Foundations of Human-Centered Design (3) Interdisciplinary survey of topics and methods related to the human-centered design use and usability of information systems.
IST 331 Organization and Design of Information Systems: User and System Principles (3)
This course provides a focused introduction to one of the most complicated parts of information systems design: users and the contexts in which they live, work, and play. The course provides a balance between theory and practice, which are tightly intertwined in this area. Students will learn how to use social science theories about human capabilities and group behavior to predict whether an information system will be usable and useful, and they will learn about the opportunities and challenges that are associated with a wide range of emerging technologies. Students will also gain skills in designing and evaluating information systems that meet the needs of a target audience. Because the information technology design space evolves rapidly, much of the technology-related content covered in this course will evolve from year to year; however the focus throughout will be understanding and responding to the needs, capabilities and preferences of the users of interactive information systems. The format of the class may include lectures, readings, in-class or online discussions, projects, or case studies. Assessment of student performance may include short assignments, quizzes, exams, or in-depth projects.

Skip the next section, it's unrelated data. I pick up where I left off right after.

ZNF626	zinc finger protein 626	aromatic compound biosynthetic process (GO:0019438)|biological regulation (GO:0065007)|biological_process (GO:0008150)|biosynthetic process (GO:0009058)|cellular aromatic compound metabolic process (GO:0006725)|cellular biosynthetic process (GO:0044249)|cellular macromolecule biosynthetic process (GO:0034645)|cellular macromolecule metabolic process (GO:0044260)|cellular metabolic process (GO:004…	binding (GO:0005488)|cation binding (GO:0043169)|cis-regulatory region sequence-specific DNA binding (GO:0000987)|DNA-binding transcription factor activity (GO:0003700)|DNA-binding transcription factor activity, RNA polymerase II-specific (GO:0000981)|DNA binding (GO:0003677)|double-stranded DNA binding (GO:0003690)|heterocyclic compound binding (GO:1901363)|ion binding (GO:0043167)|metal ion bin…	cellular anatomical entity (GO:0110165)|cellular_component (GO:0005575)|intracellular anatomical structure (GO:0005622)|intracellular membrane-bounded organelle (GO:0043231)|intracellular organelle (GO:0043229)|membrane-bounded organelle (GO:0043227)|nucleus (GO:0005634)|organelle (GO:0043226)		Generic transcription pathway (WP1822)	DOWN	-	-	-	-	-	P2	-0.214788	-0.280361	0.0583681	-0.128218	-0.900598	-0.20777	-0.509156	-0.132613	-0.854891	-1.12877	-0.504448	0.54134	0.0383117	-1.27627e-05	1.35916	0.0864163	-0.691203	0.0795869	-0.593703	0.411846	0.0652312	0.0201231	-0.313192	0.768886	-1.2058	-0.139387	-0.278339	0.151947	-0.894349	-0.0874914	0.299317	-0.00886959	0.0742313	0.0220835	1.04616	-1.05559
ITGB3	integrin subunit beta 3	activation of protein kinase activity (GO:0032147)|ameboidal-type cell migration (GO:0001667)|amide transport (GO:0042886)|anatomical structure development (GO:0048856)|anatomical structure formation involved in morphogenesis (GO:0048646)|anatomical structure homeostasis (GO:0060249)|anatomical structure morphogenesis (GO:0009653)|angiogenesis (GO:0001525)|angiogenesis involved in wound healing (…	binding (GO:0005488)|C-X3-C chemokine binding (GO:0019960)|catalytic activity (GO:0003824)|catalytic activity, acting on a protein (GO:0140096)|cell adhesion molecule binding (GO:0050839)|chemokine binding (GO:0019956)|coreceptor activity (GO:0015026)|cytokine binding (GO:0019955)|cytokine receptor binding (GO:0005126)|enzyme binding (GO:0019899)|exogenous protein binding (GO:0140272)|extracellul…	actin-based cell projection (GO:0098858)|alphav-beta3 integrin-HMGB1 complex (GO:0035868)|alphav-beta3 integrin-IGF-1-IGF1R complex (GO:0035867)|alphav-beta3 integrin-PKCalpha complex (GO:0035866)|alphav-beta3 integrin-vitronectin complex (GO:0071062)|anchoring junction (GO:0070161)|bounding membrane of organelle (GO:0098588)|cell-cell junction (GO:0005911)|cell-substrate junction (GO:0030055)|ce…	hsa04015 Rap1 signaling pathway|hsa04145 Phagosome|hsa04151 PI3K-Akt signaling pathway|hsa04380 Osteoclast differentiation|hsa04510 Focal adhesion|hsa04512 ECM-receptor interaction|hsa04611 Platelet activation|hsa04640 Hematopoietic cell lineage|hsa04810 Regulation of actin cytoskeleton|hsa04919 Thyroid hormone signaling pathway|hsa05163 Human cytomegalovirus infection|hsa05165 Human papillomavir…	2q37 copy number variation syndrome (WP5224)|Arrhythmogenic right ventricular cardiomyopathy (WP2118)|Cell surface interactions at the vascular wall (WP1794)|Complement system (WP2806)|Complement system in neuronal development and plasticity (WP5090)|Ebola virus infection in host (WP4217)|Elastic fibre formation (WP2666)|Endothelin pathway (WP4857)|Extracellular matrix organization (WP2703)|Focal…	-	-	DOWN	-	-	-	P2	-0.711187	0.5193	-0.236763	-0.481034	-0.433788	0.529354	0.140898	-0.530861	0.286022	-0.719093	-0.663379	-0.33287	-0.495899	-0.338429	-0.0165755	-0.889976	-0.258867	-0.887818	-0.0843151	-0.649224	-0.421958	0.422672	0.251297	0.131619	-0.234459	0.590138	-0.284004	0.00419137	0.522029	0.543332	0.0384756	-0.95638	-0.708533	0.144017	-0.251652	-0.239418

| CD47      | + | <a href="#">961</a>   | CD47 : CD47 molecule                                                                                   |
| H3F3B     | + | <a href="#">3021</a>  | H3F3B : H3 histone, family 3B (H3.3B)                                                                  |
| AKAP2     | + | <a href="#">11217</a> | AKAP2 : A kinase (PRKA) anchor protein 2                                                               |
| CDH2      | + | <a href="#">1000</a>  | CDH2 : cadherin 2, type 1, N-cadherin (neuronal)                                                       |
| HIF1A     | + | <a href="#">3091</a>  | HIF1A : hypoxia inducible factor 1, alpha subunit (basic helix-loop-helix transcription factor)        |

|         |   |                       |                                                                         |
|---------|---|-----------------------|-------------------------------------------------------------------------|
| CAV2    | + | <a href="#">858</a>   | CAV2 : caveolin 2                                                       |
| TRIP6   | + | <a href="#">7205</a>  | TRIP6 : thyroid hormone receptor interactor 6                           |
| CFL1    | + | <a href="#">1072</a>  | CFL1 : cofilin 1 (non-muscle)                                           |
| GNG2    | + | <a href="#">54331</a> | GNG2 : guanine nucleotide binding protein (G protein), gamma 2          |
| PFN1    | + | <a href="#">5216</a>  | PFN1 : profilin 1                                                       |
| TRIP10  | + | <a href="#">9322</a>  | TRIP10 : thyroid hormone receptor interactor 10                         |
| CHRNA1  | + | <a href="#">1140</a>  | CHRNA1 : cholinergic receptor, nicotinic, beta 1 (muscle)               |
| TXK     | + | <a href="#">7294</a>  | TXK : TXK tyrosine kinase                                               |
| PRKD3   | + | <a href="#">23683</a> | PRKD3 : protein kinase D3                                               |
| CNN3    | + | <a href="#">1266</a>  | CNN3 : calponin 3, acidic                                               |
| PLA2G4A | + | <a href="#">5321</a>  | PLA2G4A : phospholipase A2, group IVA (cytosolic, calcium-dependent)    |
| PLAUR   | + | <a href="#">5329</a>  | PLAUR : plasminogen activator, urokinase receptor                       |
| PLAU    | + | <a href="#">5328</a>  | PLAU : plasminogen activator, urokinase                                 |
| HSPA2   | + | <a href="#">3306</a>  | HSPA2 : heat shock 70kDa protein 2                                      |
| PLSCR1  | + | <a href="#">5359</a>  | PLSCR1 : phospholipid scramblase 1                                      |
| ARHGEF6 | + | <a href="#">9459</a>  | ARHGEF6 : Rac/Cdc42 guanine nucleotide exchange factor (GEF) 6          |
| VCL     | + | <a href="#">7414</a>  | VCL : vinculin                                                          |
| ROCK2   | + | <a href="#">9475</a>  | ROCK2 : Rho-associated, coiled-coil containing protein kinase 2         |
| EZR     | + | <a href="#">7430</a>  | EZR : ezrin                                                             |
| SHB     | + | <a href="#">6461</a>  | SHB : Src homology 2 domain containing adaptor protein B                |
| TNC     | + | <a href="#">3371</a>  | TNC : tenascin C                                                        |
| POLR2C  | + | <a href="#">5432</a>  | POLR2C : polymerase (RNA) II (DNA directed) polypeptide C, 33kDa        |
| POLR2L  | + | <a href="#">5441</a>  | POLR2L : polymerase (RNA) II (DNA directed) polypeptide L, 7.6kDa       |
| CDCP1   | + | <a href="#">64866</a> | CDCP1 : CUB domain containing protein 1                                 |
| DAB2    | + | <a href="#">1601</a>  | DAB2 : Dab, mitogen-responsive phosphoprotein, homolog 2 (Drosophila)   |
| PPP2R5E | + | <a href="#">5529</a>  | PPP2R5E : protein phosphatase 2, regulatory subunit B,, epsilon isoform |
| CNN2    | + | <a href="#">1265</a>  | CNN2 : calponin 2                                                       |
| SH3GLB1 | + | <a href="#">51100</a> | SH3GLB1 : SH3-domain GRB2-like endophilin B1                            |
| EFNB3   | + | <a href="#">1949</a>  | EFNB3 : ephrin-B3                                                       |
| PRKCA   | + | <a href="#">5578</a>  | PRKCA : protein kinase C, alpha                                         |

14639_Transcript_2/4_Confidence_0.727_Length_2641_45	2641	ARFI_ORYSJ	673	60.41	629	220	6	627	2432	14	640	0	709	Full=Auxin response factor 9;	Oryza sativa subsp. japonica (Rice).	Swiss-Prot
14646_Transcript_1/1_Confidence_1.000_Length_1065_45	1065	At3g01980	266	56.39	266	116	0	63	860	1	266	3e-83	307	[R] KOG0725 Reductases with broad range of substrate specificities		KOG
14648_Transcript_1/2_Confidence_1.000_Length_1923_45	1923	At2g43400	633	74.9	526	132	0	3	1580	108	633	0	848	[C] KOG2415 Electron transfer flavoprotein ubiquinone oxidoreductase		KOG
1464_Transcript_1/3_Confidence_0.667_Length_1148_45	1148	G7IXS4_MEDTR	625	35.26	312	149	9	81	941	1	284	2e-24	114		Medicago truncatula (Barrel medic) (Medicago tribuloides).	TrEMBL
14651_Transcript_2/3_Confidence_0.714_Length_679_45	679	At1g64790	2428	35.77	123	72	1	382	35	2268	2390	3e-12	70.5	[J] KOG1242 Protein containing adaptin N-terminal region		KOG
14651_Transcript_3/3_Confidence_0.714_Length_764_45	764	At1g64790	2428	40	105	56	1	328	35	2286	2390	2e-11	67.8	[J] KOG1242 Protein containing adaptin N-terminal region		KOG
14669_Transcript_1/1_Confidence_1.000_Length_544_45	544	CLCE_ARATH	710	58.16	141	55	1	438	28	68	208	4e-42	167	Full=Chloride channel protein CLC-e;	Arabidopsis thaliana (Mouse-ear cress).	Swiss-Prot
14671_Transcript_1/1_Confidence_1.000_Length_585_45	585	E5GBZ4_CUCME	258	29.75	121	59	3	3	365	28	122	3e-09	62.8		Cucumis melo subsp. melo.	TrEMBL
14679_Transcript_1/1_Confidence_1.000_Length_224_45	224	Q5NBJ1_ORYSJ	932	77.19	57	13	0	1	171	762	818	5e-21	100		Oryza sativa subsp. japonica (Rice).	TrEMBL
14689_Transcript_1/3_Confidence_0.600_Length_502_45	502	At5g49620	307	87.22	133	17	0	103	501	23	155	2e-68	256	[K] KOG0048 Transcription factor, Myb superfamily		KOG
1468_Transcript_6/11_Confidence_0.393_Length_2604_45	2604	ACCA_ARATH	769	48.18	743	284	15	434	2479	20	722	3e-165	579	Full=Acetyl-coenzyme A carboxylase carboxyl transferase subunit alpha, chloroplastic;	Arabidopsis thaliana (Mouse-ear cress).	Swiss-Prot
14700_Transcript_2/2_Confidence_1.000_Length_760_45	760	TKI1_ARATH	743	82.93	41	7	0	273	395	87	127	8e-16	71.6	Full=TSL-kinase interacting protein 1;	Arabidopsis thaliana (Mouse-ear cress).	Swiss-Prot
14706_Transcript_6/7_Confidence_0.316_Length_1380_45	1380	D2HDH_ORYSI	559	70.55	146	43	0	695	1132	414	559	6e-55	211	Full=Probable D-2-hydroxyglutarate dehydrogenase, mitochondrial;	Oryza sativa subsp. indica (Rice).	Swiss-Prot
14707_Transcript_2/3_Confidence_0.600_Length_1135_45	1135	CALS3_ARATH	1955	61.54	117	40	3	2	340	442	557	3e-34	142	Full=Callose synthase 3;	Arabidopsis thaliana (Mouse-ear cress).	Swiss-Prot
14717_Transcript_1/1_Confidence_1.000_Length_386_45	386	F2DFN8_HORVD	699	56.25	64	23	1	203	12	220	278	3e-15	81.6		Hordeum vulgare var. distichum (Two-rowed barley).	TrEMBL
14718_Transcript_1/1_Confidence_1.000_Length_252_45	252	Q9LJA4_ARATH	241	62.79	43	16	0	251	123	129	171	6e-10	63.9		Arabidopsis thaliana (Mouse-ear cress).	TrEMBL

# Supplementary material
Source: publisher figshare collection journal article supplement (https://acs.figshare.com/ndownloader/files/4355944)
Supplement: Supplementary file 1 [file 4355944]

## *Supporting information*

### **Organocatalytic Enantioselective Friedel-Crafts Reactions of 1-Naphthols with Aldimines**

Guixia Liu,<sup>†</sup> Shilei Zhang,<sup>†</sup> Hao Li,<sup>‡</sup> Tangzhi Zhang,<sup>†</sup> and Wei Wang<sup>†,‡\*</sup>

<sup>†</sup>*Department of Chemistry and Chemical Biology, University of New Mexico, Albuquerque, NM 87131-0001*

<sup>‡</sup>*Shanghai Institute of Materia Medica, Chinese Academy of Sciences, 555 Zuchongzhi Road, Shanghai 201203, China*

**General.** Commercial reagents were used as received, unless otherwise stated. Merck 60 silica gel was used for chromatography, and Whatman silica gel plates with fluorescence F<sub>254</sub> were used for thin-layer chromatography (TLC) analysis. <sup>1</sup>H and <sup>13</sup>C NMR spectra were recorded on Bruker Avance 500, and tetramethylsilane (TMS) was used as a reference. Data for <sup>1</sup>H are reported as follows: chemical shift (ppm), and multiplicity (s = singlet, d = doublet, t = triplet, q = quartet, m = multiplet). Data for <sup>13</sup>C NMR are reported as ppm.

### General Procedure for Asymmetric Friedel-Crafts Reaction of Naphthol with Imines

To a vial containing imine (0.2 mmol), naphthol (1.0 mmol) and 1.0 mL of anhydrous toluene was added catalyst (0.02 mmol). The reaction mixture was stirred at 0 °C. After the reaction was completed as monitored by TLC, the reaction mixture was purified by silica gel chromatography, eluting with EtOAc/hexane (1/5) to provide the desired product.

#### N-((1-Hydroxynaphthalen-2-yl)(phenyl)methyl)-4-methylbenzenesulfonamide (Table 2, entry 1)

Note : Class size, frequency of offering, and evaluation methods will vary by location and instructor. For these details check the specific course syllabus.